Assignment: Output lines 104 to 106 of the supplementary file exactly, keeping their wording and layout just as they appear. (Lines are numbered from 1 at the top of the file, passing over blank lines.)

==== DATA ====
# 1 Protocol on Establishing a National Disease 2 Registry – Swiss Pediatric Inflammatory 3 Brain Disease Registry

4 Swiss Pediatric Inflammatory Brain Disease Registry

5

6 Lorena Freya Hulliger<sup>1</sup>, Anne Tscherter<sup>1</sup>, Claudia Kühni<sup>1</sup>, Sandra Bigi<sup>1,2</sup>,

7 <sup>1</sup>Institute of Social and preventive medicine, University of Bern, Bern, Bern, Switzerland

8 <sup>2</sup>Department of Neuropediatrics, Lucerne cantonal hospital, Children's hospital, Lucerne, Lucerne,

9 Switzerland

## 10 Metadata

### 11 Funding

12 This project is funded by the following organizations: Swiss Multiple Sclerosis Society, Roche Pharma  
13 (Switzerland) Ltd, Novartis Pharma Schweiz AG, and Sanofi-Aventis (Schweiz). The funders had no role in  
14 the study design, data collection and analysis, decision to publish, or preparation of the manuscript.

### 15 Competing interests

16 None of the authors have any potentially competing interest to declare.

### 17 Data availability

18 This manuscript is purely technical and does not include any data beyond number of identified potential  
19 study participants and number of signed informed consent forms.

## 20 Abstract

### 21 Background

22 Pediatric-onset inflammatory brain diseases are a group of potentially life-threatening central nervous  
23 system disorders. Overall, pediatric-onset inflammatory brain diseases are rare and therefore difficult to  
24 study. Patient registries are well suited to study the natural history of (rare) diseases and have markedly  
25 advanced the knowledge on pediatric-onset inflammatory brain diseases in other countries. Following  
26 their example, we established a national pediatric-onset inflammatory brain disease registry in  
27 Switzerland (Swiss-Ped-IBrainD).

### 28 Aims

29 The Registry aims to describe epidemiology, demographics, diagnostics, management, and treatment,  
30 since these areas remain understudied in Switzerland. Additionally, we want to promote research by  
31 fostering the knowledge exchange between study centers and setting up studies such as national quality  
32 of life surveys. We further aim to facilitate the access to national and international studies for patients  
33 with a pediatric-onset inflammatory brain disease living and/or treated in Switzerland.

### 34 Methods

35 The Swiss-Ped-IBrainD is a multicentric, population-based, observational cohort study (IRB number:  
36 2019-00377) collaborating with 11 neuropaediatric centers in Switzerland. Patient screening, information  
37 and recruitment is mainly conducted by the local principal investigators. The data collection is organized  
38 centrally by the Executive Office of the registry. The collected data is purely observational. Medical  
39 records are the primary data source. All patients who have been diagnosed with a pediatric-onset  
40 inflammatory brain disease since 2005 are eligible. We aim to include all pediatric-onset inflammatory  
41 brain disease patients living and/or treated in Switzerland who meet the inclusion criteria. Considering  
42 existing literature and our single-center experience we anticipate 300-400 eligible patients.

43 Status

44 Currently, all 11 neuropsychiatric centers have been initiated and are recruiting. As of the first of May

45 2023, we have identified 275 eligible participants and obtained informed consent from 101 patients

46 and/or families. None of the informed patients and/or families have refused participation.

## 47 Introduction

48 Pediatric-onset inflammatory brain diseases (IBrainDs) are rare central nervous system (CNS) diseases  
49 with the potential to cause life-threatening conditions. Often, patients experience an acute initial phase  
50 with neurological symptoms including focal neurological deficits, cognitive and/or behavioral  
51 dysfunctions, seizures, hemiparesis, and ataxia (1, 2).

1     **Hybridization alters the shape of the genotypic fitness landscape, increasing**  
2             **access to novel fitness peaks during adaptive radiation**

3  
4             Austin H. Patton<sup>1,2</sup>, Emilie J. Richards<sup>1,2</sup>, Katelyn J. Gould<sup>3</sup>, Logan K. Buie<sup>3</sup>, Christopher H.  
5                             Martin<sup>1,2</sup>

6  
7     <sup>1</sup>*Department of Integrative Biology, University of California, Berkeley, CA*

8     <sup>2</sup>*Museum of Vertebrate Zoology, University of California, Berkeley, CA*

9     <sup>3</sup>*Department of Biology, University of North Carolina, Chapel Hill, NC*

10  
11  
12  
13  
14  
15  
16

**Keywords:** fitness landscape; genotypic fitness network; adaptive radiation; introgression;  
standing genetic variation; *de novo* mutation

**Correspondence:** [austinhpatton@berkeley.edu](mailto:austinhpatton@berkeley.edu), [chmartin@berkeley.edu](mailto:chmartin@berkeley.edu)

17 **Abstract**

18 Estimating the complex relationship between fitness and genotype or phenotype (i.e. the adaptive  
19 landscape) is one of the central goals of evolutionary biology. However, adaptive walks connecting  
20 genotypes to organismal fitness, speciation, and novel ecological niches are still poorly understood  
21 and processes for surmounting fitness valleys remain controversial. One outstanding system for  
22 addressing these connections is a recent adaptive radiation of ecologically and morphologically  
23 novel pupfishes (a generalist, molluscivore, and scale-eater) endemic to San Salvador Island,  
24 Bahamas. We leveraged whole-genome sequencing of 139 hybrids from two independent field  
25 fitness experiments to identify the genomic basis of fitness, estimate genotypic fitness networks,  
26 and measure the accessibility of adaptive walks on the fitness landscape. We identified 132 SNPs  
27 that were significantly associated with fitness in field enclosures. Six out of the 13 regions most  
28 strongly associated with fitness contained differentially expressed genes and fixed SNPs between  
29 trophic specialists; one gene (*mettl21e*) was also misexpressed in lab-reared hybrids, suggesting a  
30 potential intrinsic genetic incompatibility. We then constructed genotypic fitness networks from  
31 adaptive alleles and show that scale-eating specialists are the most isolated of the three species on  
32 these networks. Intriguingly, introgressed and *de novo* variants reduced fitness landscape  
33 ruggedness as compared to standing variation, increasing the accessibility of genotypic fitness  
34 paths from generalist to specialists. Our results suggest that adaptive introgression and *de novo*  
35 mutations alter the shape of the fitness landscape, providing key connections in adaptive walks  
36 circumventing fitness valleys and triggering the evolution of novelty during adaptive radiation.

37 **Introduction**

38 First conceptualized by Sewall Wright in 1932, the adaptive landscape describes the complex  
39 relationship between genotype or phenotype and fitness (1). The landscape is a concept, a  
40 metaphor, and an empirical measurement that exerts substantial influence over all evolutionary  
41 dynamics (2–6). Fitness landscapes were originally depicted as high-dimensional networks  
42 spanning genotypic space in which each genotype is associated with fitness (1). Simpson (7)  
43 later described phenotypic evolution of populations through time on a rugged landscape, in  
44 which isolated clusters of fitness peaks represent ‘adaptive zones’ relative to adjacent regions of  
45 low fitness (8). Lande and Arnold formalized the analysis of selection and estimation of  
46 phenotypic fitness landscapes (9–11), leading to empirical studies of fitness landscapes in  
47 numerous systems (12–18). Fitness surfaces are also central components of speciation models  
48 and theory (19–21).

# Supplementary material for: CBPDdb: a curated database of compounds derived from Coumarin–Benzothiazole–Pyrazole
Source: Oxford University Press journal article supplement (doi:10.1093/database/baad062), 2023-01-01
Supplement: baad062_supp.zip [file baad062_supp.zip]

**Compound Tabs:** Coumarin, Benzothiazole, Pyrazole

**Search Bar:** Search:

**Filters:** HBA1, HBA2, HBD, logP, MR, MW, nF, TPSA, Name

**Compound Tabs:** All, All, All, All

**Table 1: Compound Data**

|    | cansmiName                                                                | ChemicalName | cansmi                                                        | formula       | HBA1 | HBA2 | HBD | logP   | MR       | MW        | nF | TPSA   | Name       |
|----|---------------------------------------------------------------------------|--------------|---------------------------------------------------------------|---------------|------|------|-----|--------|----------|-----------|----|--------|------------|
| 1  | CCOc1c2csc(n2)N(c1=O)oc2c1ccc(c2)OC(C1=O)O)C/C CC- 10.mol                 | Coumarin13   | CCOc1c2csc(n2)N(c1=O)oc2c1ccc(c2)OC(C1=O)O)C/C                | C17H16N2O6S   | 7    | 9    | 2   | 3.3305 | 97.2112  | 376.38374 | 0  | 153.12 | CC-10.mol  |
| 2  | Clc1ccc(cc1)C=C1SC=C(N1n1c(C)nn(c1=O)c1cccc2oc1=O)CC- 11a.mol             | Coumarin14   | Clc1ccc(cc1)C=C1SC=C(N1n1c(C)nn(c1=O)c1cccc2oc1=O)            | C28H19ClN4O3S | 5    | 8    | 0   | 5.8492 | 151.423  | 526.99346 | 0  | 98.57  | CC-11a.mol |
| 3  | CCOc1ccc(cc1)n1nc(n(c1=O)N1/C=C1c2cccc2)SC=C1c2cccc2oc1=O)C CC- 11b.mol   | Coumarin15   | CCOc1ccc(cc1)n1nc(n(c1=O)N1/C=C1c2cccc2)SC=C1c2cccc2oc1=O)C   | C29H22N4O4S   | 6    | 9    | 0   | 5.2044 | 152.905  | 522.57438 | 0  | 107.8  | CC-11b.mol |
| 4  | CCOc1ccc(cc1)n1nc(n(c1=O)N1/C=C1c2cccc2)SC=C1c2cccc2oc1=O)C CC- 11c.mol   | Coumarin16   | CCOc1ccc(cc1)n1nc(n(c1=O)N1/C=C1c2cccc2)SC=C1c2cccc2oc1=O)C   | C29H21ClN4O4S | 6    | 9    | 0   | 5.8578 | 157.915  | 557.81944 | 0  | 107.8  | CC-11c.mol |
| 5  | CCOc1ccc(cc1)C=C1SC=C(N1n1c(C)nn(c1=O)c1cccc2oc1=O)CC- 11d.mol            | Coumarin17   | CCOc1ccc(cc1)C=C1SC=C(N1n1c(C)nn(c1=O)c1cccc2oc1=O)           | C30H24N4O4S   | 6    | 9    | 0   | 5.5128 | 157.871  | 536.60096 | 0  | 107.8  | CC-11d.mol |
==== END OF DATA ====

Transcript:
**Compound Tabs:** Coumarin, Benzothiazole, Pyrazole

**Search Bar:** Search:

**Filters:** HBA1, HBA2, HBD, logP, MR, MW, nF, TPSA, Name